The tasting menu then turned back to sashimi, this time primarily a meditation on tuna in various forms. On the far left, some slices of tuna from near the skin; next to them, thicker, meatier cuts from the loin; above them, a couple slices of fatty tuna belly; a coil of ika (squid), scored dozens of times with a knife to effectively "tenderize" it; a sliver of buttery smooth hamachi; and finally, slices of bonito, a tuna relative with pale flesh but a pleasingly meaty texture - all excellent quality.
The magnificent, bright red Gambas de Palamós were a recurring theme of our Spain trip. I did not complain about any of their many appearances in our meals, including this one. Perfectly unadorned, these were plated simply over a bed of rock salt, and conveniently their fleshy tails had already been separated from their oh so delicious heads. I swapped at least one head for one of Mrs. F's tails and think I got the better of the deal.
The beef course was one of the few misses of the evening for me. Spanish-sourced Kobe-style beef was grilled quite rare, and served with mushrooms and bean sprouts, a tempura squash blossom, and dabs of miso and plum dipping sauces. Perhaps I'd been spoiled by the ridiculously good steak at Etxebarri, and comparisons are unfair; but it certainly paled in comparison. The sauces likewise were cloying and one-dimensional.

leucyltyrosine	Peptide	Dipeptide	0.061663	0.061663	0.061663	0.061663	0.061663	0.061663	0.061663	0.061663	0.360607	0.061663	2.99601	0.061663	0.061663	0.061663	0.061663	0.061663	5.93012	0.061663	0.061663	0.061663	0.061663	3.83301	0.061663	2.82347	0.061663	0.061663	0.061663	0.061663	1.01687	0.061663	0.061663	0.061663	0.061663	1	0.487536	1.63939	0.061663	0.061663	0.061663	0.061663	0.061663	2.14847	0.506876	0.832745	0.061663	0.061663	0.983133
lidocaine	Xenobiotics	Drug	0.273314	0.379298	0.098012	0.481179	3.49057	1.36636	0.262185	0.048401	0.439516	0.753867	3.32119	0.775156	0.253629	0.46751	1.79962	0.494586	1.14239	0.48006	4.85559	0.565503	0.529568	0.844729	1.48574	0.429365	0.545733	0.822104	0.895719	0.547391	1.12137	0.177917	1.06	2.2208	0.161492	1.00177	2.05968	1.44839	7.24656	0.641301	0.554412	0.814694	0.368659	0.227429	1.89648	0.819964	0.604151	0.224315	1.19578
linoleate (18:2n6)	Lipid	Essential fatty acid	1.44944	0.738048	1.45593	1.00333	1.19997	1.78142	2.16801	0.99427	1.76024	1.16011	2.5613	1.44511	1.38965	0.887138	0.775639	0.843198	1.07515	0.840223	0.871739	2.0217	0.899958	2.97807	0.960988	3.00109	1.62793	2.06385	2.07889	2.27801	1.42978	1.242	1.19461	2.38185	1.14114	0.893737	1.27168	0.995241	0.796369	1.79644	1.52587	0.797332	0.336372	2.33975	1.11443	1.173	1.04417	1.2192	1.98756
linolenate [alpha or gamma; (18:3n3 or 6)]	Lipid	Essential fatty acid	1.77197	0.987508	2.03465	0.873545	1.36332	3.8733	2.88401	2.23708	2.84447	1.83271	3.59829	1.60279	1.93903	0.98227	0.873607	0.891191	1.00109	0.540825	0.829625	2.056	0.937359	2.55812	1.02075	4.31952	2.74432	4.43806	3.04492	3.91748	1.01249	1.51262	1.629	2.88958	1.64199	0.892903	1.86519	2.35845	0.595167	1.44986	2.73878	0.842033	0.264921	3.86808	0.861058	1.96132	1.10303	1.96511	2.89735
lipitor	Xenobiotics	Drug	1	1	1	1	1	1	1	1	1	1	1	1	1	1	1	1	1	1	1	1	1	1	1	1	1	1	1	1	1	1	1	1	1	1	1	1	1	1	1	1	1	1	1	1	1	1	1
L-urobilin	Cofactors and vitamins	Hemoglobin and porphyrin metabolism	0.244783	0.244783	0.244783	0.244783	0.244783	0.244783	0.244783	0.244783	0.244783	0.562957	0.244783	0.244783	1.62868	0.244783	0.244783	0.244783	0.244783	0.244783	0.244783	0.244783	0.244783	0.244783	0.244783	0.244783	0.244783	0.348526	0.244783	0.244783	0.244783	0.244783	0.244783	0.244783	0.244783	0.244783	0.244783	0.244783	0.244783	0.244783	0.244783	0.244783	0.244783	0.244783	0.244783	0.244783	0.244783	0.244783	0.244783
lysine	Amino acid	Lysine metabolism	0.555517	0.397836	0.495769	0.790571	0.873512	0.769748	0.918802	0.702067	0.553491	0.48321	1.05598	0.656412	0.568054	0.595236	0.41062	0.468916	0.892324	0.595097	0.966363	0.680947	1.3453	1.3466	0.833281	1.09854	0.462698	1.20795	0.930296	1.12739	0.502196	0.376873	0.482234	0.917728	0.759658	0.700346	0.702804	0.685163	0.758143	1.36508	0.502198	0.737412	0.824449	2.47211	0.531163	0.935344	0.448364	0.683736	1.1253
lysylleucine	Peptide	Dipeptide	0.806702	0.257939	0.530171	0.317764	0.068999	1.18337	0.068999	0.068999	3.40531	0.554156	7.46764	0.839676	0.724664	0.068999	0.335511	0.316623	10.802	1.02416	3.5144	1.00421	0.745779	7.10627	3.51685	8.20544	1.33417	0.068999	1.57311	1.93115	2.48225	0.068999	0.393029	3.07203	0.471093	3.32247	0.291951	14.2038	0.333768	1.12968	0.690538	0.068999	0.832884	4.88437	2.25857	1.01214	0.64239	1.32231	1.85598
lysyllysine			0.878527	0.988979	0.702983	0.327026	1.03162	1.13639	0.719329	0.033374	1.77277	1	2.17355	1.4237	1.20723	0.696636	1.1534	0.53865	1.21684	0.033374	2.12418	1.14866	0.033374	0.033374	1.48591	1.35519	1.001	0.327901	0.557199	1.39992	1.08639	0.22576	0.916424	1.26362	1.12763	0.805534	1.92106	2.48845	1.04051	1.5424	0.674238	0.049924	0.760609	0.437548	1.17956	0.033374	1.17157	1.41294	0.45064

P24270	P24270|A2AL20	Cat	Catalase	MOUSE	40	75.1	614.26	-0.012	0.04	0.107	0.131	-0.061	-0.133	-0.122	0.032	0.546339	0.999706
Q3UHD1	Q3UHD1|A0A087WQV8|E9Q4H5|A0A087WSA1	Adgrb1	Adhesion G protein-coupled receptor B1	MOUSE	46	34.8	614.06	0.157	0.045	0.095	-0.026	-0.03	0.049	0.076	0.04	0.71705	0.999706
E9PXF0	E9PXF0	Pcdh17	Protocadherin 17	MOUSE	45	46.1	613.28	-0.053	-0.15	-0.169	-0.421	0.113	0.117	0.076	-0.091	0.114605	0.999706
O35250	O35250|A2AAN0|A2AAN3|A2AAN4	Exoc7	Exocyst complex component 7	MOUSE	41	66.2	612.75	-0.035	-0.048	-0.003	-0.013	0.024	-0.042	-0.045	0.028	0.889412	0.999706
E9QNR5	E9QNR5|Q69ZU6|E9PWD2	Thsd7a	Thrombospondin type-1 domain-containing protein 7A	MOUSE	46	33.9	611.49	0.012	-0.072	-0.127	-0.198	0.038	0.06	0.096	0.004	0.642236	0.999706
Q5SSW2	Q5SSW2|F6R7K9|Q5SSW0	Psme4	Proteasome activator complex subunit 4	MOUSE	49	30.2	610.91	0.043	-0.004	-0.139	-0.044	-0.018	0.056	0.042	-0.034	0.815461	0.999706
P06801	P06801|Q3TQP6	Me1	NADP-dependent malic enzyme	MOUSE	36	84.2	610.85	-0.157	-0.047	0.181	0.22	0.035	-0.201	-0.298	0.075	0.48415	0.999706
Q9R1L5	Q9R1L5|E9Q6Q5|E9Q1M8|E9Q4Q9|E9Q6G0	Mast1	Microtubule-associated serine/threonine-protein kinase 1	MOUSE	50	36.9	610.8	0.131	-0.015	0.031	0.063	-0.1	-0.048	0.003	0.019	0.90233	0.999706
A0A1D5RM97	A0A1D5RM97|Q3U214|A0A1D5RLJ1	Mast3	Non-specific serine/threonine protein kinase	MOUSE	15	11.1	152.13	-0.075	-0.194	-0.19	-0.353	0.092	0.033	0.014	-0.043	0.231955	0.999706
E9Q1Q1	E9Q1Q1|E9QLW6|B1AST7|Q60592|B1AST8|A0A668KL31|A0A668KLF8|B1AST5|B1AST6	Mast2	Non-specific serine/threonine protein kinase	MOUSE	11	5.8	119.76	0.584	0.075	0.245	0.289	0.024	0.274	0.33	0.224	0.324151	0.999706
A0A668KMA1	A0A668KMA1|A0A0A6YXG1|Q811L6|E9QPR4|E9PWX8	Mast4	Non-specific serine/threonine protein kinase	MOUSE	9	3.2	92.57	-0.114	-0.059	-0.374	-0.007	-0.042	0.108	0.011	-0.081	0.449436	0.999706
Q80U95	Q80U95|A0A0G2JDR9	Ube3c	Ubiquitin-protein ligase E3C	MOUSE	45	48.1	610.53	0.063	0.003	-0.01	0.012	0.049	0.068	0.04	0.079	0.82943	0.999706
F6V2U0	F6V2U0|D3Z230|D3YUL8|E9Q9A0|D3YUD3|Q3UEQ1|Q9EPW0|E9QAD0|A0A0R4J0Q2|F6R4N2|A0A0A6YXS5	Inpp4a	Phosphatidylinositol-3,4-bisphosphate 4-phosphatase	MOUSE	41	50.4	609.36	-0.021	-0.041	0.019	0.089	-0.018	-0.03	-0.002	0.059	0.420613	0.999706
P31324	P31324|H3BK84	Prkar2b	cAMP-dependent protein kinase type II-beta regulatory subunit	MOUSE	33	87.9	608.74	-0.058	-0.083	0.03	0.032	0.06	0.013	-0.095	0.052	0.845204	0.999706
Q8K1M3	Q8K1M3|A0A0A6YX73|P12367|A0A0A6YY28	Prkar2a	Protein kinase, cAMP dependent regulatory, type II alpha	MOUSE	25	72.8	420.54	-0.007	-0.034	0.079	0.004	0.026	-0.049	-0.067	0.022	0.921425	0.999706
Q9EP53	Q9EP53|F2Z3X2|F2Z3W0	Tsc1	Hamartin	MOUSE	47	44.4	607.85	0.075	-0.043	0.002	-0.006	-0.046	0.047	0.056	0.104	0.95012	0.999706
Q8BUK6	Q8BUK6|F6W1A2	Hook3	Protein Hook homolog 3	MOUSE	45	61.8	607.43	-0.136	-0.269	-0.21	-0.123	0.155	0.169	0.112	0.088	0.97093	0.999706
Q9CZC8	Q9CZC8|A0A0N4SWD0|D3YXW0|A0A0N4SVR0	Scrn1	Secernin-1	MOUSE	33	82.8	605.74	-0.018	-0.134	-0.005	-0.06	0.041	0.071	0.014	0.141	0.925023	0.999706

The savory portion of the menu concluded with a sampling of nigiri: toro, aji (horse mackerel) and salmon, each offering its own particular form of richness. Very nice fish and properly prepared rice: a nice conclusion.
Finally, for dessert, a melon soup, with cubes of melon crowned by a coconut sorbet and a crispy tuile: delightfully cold and refreshing, and not too sweet.
My skepticism about Koy Shunka turned out to be unfounded. The restaurant does a very successful job incorporating local ingredients into a cooking style that remains distinctly Japanese. Koy Shunka should not be praised as "the best Japanese restaurant in Barcelona," which runs the risk of crowning it the one-eyed king in the land of the blind. It is, very simply, an excellent Japanese restaurant.
Carrer de Copons 7
934 127 939
[*]Though they're not averse to co-opting particular dishes that strike their fancy. Although canneloni are originally an Italian dish, you see so many canelóns in Barcelona that Anya von Bremzen says in "The New Spanish Table" that they are "something of a Catalan national dish."